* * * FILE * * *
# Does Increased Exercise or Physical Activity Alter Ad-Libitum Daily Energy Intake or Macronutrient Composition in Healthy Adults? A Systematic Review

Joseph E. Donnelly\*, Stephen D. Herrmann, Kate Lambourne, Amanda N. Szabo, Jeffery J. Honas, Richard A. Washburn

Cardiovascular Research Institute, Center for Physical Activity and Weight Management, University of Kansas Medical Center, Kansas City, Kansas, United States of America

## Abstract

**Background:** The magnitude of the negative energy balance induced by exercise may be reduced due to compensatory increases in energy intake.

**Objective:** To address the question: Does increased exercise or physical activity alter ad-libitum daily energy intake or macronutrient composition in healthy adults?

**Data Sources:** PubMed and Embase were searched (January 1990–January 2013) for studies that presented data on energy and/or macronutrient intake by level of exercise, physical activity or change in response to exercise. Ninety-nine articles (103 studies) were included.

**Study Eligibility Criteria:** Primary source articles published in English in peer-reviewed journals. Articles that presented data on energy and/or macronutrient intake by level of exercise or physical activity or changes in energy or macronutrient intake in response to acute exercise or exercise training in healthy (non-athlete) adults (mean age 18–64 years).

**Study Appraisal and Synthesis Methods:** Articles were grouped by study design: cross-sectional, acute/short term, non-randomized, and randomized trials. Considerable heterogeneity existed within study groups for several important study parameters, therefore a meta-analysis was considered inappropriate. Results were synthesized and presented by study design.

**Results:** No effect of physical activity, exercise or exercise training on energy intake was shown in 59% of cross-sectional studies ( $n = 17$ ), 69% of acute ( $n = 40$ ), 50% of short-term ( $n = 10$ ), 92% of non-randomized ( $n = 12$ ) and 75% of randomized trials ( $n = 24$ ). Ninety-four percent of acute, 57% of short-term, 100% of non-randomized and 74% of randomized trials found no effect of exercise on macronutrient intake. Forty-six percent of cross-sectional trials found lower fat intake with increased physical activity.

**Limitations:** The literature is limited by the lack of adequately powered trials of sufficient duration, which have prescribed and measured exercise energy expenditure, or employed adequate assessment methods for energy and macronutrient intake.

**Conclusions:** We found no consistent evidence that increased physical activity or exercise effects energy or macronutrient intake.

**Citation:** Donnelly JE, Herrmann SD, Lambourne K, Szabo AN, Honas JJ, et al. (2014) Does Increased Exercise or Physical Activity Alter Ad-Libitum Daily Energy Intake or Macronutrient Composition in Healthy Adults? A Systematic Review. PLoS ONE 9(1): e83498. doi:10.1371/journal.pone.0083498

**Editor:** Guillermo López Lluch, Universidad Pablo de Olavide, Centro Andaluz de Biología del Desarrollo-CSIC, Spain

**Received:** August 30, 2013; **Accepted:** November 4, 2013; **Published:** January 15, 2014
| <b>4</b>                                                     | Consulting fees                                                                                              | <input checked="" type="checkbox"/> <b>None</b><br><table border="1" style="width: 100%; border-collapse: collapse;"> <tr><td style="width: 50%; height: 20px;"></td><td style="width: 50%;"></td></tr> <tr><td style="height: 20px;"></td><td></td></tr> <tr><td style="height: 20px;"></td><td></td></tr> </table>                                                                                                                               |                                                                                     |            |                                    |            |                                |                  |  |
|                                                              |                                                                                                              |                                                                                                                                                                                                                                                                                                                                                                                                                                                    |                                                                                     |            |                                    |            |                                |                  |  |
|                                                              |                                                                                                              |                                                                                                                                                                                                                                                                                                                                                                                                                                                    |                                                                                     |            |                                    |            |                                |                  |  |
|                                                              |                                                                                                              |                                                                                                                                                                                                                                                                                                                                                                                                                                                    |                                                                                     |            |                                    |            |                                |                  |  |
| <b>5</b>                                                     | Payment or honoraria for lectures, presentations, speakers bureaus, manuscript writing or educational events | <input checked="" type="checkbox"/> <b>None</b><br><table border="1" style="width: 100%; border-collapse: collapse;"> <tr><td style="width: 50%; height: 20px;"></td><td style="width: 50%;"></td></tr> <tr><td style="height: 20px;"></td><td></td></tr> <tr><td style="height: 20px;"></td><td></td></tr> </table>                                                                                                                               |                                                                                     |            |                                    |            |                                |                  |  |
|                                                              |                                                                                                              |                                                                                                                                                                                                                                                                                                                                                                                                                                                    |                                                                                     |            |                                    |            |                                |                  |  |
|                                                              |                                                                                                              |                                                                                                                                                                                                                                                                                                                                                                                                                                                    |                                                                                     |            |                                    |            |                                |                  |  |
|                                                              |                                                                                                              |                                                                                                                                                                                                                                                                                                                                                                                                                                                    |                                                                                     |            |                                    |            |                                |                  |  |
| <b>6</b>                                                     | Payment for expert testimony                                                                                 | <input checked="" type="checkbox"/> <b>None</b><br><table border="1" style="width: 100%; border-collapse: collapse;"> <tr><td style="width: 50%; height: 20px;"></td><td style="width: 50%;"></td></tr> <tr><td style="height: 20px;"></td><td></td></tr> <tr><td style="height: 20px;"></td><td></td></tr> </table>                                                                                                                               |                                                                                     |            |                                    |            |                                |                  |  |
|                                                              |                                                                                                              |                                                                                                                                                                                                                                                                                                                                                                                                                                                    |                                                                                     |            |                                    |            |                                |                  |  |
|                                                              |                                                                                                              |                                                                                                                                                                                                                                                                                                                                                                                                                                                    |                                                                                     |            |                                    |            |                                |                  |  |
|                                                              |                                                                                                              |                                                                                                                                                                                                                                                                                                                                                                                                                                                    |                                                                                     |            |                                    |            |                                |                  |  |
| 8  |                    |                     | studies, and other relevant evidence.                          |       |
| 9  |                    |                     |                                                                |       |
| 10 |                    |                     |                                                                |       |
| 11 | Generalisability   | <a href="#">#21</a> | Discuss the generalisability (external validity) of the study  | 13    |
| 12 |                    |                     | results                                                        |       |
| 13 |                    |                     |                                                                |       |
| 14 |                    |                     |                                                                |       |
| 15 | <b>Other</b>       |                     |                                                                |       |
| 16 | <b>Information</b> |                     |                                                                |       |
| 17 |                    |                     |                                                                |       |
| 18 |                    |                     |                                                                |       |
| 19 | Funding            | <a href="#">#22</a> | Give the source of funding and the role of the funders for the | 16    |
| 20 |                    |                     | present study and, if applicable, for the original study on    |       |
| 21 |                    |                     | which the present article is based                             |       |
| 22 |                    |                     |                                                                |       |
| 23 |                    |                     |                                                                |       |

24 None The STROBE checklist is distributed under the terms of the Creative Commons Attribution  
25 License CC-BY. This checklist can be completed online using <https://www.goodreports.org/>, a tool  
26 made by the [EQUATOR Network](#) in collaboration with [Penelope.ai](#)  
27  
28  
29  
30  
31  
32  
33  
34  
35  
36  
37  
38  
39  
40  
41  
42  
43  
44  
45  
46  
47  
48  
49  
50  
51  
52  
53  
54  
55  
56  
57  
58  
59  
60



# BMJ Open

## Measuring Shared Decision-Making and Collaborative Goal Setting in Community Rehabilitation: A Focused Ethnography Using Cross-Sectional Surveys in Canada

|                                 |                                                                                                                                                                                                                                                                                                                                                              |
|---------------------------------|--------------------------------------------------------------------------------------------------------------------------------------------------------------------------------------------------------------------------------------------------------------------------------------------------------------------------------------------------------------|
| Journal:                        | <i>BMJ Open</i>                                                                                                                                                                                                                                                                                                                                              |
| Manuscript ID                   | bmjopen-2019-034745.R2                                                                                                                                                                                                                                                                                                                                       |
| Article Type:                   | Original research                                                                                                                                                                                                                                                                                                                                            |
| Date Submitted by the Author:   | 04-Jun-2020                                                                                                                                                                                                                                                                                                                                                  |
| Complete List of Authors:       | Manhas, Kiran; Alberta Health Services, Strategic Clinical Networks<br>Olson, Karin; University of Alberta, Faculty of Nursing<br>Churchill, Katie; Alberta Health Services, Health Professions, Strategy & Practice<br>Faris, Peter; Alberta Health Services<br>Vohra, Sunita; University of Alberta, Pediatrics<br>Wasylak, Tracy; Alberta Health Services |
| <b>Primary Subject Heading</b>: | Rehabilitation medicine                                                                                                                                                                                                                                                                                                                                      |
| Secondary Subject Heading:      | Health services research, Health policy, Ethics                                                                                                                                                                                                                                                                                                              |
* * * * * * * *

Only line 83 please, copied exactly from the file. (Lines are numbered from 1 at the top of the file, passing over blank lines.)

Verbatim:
|                                 |                                                                                                                                                                                                                                                                                                                                                              |